Nog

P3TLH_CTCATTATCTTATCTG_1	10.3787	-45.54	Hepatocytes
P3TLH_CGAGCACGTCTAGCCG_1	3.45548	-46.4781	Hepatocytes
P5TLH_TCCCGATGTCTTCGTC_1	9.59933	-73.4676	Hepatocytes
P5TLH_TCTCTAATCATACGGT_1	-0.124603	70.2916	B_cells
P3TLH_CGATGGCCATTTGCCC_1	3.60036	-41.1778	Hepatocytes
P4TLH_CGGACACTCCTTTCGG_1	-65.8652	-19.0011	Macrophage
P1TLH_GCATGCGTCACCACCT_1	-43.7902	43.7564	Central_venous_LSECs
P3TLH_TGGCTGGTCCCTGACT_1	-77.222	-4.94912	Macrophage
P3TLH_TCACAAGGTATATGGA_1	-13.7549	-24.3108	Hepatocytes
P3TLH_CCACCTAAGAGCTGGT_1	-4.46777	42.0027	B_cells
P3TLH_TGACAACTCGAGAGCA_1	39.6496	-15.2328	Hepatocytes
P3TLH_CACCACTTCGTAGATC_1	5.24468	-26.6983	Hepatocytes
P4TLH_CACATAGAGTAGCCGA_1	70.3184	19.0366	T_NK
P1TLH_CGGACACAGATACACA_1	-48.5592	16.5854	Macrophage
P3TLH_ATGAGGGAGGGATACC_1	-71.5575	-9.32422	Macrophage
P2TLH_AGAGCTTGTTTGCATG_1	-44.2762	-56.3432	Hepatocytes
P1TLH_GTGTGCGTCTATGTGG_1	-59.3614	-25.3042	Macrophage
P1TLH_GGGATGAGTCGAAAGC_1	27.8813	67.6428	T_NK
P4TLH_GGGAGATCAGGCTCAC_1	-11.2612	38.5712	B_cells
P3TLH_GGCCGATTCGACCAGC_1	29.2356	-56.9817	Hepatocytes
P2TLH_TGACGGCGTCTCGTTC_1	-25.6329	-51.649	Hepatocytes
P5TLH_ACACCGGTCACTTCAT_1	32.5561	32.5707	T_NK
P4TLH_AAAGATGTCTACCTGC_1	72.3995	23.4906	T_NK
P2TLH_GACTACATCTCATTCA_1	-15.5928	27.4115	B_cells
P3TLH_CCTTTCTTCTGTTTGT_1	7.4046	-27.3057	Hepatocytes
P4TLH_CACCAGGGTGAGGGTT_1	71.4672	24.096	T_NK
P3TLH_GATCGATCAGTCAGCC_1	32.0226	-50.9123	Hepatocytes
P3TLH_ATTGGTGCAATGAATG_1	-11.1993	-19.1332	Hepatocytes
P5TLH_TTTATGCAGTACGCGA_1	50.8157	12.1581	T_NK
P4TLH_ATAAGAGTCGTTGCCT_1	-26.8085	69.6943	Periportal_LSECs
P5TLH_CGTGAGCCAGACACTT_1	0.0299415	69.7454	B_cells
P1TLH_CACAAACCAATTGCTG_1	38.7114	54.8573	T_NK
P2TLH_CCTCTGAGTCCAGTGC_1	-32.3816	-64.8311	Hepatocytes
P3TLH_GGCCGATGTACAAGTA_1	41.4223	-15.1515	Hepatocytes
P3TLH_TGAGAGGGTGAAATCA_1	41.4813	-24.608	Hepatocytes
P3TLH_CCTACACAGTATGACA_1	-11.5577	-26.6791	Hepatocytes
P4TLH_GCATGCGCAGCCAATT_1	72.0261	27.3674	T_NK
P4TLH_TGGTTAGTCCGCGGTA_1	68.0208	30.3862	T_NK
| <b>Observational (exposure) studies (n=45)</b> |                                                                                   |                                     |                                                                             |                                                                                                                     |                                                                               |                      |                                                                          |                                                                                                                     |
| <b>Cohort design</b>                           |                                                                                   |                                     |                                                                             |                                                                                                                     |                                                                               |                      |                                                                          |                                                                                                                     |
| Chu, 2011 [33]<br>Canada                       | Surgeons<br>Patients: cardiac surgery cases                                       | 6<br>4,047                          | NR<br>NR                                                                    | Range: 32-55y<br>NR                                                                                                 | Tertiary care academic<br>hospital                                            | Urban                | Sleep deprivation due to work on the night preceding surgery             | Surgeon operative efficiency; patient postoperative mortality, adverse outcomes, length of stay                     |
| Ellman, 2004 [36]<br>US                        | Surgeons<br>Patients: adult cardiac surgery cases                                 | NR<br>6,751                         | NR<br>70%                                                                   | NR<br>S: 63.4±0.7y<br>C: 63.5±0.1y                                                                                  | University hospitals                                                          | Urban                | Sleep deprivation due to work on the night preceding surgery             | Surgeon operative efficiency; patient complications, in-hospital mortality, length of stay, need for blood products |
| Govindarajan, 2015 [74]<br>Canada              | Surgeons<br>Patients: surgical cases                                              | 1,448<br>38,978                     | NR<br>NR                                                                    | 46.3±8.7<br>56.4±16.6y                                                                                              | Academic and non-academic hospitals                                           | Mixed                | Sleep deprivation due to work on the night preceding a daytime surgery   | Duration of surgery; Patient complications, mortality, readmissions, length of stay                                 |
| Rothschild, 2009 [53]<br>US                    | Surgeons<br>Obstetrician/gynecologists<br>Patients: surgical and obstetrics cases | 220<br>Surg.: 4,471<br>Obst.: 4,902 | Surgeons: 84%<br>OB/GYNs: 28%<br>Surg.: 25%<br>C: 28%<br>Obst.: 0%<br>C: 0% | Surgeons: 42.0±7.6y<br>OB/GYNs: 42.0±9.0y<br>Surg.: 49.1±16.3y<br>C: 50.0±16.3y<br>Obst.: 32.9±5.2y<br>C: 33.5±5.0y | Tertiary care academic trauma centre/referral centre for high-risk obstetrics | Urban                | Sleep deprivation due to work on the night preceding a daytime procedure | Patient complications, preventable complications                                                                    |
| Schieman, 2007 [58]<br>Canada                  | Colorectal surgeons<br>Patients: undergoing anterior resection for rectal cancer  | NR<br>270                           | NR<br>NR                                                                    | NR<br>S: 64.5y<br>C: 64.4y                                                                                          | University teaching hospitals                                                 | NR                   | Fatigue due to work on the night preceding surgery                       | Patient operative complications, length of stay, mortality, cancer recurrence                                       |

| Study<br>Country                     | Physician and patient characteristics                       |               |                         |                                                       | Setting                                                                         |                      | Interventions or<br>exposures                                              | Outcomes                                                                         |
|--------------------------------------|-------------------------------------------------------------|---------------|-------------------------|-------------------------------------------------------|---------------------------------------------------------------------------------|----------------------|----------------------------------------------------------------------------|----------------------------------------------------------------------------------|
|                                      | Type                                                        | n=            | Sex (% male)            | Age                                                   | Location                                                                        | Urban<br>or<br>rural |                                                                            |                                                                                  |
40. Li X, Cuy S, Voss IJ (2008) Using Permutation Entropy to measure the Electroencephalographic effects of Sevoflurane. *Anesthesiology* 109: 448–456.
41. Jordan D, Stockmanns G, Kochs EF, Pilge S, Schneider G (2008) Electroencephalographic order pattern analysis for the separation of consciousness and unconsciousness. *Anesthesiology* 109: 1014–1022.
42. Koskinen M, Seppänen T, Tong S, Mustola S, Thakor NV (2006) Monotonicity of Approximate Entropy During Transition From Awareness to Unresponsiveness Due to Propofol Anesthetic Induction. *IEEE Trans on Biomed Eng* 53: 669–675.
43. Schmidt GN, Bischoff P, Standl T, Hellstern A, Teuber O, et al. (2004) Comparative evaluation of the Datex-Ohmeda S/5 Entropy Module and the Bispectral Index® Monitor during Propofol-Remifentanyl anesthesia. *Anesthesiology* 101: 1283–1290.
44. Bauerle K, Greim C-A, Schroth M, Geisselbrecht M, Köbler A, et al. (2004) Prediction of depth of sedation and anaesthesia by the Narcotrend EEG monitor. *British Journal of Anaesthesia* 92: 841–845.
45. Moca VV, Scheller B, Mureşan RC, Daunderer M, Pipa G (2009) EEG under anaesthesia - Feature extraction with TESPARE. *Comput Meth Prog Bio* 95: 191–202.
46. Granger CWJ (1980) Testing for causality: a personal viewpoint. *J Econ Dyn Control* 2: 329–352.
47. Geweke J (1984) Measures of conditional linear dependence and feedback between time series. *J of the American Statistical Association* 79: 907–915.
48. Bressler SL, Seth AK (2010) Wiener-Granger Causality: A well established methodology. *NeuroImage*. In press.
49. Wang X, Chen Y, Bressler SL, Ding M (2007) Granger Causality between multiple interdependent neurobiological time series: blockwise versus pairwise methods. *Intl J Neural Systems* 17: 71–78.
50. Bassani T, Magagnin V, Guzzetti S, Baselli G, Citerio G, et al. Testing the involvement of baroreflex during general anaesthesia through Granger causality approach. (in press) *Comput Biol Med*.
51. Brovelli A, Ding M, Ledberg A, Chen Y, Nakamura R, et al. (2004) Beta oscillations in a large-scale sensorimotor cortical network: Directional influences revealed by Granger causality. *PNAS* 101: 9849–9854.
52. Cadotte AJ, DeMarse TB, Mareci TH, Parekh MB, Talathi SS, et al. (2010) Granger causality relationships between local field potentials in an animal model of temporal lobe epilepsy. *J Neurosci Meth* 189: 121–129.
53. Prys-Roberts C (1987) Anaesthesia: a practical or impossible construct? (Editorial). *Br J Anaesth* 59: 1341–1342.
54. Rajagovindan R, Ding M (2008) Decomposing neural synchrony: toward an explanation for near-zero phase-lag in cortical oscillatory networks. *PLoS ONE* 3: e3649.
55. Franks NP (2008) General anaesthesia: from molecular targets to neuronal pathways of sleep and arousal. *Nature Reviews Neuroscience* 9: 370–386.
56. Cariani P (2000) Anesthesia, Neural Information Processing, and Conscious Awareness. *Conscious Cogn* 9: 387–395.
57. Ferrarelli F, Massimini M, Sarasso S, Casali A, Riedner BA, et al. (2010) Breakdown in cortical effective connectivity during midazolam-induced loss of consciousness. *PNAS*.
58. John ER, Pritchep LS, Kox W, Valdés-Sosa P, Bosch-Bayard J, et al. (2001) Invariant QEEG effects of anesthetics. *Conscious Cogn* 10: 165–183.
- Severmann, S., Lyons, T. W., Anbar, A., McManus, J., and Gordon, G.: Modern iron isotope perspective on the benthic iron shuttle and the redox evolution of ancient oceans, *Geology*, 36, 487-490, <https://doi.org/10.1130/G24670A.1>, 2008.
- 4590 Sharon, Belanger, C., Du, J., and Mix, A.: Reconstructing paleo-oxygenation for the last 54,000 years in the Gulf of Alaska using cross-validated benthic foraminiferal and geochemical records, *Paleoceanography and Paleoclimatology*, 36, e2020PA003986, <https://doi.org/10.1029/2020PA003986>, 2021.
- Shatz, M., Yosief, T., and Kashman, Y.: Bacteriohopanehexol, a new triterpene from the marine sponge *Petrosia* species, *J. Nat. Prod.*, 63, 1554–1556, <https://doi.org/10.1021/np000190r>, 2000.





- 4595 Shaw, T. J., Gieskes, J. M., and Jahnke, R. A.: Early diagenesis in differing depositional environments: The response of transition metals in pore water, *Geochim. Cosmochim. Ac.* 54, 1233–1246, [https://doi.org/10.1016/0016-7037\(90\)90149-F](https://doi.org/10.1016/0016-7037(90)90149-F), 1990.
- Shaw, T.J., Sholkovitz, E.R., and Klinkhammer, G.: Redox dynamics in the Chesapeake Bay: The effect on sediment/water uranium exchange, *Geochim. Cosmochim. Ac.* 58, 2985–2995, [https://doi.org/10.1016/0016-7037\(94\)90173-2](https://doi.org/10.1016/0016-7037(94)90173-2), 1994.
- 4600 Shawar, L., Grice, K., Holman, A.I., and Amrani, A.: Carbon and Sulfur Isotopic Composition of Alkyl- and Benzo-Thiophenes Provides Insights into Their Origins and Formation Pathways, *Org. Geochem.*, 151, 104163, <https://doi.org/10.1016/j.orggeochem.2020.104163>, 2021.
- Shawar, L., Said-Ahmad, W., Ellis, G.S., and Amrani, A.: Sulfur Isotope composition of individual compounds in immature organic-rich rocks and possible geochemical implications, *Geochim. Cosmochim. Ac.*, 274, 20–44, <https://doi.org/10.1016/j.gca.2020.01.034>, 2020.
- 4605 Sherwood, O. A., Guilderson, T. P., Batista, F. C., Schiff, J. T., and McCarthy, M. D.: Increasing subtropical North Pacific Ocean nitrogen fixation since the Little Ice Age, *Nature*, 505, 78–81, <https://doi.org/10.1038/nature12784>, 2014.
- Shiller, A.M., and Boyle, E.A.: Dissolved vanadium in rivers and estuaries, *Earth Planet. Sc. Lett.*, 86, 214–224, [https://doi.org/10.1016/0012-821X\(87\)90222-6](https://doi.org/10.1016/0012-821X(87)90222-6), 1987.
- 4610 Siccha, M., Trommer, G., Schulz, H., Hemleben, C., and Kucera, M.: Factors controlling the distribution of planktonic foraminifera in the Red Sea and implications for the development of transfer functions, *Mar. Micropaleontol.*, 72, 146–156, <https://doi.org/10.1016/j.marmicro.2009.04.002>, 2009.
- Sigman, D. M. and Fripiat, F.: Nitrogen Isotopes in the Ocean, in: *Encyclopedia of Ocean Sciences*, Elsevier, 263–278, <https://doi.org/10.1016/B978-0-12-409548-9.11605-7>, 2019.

The revival by Two Dollar Radio of Rudy Wurlitzer's first novel, Nog (1969), with a fresh introduction by Erik Davis, introduces a lucky new generation of readers to an essential piece of '60s literature that remains as crunchy and toothsome yet unsettling a nonpareil as it registered upon its debut. It seems likely that Wurlitzer, a screenwriter of note, derived his inspiration and narrative template not so much from other tripped-out novels of the era -- think The Crying of Lot 49 and Been Down So Long It Looks Like Up to Me -- as he did from avant-garde cinema, particularly the French New Wave. The dislocated, seemingly patternless comings and goings of a nearly memoryless man, possibly named Nog, can be mapped in spirit and almost on a literal level to a film like Luc Moullet's The Smugglers. Toss in a soupçon of realism and romance from Jules and Jim and a healthy dash of Godard, and you have the essential game plan for Nog. But Wurlitzer's book is able to display a rich interior life in a manner cinema struggles to replicate. Nog's deadpan first-person narration is autistic, cubistic, and shamanic, using incantatory lists and anally compulsive powers of observation as his magical barriers against the dissolution of the self. His psychic geography recalls Ballard's wandering, self-destructive prophets of paradigm shift, and space time itself becomes a living threat that must be wrestled into submission -- or at least a stalemate. Yet Wurlitzer entertains on the level of sheer plot as well. Nog's capricious West Coast encounters with a host of American purebreds, from the hippies Lockett and Meridith to the right-wing gun nut Bench, all couched in droll vernacular, provides a constant impetus to turn page after page in this surreal California phantasmagoria.

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